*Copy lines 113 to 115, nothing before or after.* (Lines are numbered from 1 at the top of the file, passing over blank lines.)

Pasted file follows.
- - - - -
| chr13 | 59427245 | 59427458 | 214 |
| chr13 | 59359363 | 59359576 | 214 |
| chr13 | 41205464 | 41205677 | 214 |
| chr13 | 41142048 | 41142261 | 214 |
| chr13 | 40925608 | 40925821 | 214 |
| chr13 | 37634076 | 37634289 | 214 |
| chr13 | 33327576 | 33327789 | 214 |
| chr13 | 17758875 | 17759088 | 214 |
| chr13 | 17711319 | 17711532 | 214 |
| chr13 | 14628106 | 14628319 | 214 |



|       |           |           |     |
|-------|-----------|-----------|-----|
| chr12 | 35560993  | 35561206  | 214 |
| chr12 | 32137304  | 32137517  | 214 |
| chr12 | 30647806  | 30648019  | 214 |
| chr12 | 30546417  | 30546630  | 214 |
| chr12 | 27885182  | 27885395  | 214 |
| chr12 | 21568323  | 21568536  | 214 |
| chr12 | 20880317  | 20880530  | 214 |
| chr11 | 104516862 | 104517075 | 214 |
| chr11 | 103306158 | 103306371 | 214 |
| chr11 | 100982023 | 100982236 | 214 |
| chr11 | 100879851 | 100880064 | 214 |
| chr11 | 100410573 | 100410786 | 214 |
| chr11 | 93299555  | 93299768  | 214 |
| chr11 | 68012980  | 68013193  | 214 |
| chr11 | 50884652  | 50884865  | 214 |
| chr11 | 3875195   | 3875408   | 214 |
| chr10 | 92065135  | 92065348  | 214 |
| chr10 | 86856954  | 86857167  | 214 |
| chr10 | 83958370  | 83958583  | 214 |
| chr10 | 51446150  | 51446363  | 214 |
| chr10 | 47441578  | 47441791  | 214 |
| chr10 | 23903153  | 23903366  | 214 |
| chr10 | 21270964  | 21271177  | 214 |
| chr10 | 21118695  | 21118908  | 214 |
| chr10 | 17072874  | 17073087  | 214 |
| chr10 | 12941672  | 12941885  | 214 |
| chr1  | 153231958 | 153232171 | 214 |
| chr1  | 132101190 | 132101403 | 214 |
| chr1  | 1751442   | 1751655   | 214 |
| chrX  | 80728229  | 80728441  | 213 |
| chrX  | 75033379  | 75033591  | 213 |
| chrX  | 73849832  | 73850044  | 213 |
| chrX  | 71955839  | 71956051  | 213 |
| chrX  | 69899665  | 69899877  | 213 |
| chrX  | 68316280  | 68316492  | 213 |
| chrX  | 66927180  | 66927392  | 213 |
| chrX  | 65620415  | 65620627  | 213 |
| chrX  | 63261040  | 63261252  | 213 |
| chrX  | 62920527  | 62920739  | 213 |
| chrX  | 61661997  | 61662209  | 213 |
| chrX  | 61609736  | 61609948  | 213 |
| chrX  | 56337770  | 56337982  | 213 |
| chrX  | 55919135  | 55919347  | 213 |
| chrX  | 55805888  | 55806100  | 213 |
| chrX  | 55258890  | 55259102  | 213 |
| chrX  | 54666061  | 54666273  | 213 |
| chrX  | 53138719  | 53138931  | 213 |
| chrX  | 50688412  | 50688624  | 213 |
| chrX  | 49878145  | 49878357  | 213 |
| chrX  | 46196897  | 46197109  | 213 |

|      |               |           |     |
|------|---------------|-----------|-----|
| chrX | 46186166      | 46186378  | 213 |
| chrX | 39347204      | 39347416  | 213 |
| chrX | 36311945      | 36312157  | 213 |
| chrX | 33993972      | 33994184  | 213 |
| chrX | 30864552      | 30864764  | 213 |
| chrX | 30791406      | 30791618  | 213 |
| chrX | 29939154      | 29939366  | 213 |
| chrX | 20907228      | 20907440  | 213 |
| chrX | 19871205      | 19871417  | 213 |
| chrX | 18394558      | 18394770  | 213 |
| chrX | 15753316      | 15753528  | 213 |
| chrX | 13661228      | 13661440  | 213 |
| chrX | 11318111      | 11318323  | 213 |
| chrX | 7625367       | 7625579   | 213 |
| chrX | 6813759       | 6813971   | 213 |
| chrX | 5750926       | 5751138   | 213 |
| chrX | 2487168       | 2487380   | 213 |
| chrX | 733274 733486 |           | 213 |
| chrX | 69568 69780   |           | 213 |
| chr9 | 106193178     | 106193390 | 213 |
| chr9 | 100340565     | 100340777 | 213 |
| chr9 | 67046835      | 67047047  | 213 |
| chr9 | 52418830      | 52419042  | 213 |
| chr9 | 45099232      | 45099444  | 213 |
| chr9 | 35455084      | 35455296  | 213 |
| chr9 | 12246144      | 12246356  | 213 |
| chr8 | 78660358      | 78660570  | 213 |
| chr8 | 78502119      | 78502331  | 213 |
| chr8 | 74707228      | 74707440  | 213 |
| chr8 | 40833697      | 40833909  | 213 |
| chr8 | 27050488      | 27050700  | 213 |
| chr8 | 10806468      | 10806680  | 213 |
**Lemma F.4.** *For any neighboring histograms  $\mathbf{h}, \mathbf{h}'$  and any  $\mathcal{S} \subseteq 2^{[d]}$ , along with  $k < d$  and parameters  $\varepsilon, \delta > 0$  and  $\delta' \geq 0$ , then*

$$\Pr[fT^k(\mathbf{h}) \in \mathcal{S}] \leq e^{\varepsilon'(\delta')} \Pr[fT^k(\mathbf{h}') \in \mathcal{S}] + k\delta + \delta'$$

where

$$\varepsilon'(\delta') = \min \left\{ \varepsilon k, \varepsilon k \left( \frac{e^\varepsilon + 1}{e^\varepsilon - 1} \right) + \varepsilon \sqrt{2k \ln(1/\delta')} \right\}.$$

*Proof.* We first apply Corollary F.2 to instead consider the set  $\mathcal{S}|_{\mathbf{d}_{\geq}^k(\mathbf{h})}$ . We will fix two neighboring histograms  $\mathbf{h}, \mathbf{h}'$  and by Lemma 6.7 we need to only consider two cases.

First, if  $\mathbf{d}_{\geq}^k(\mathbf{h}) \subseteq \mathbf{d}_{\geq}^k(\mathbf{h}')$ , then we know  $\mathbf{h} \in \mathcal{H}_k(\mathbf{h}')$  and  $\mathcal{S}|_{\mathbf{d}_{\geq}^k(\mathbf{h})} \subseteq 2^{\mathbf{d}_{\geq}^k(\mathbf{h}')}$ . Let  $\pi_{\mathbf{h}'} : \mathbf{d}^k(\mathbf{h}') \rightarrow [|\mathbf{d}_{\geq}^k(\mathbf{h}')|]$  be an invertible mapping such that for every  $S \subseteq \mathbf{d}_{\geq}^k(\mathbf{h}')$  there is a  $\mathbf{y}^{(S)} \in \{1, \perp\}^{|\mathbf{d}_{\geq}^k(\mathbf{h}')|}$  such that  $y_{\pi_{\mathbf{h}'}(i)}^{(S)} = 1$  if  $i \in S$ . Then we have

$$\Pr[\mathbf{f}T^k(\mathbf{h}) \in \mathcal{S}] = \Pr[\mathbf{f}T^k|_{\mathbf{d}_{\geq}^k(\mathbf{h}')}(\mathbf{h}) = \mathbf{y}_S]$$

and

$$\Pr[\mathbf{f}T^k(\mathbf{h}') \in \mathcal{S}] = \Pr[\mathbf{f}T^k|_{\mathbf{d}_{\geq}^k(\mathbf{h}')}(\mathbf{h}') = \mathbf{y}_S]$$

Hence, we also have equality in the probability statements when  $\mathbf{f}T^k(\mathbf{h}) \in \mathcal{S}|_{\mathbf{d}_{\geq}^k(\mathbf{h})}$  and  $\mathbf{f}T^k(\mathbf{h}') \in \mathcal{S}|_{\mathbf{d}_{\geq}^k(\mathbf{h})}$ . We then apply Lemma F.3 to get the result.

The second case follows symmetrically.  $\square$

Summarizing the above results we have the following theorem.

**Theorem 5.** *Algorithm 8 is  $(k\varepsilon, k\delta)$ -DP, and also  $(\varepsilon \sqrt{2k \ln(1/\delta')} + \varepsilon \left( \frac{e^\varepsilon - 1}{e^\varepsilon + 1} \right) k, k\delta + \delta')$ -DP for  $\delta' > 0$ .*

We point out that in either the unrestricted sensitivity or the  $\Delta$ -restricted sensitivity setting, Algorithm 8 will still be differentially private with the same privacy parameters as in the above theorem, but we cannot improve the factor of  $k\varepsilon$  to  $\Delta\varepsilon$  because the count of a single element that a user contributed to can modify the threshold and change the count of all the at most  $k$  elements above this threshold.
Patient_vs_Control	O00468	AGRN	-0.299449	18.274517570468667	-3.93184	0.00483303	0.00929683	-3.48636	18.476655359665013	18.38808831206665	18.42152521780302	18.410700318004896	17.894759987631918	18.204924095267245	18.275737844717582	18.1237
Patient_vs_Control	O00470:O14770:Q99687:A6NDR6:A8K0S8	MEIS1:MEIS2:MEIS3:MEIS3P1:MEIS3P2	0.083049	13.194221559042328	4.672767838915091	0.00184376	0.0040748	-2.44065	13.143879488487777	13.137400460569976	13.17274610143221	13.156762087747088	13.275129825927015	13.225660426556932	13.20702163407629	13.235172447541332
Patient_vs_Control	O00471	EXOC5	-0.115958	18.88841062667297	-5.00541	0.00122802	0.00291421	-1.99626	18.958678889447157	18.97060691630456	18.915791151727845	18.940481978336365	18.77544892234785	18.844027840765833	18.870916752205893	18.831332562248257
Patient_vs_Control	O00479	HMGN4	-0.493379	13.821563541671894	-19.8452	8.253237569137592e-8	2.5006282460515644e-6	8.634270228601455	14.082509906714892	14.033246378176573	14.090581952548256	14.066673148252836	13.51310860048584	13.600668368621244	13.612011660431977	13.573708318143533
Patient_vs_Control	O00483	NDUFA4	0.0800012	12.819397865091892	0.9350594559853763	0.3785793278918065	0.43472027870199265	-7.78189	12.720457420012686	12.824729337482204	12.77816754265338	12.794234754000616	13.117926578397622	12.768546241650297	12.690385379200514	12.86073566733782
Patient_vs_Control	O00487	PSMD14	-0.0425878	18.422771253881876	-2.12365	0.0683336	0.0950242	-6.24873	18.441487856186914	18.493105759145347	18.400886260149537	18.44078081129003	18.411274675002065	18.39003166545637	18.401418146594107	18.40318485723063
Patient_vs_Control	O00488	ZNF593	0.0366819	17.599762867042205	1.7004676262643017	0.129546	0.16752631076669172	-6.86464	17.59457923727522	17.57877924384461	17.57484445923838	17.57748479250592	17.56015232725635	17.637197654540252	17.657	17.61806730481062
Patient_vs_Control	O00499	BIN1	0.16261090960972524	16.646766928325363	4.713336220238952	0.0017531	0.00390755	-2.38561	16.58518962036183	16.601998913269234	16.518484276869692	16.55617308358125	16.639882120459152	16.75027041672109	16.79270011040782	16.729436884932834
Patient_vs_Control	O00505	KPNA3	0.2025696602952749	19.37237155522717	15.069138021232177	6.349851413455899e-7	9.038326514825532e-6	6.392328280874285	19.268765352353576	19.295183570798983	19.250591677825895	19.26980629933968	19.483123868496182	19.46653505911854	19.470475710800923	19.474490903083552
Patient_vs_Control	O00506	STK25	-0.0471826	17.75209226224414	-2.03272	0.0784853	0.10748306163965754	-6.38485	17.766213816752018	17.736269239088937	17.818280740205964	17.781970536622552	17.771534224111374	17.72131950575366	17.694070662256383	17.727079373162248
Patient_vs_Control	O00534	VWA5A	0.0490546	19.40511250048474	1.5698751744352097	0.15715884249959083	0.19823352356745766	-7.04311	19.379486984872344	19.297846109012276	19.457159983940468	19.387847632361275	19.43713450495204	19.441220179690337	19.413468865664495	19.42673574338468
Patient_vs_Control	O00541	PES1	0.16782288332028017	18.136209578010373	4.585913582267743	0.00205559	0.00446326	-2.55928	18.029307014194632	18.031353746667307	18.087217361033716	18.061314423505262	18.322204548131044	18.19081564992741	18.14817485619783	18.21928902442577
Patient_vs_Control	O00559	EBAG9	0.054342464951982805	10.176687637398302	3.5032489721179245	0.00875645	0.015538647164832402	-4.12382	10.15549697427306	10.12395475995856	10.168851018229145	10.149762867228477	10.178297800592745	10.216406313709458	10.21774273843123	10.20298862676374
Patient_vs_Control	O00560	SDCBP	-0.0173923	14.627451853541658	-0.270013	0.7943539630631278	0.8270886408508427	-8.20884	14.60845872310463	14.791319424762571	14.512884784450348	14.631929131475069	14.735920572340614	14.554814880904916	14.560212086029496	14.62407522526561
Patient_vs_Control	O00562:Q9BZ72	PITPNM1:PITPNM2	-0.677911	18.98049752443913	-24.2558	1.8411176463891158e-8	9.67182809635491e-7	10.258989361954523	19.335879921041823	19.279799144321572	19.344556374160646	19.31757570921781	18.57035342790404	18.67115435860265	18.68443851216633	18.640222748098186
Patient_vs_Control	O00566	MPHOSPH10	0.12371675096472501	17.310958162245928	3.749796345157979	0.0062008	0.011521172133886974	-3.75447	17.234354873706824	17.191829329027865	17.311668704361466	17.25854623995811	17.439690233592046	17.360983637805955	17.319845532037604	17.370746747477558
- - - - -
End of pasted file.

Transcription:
Patient_vs_Control	O00471	EXOC5	-0.115958	18.88841062667297	-5.00541	0.00122802	0.00291421	-1.99626	18.958678889447157	18.97060691630456	18.915791151727845	18.940481978336365	18.77544892234785	18.844027840765833	18.870916752205893	18.831332562248257
Patient_vs_Control	O00479	HMGN4	-0.493379	13.821563541671894	-19.8452	8.253237569137592e-8	2.5006282460515644e-6	8.634270228601455	14.082509906714892	14.033246378176573	14.090581952548256	14.066673148252836	13.51310860048584	13.600668368621244	13.612011660431977	13.573708318143533
Patient_vs_Control	O00483	NDUFA4	0.0800012	12.819397865091892	0.9350594559853763	0.3785793278918065	0.43472027870199265	-7.78189	12.720457420012686	12.824729337482204	12.77816754265338	12.794234754000616	13.117926578397622	12.768546241650297	12.690385379200514	12.86073566733782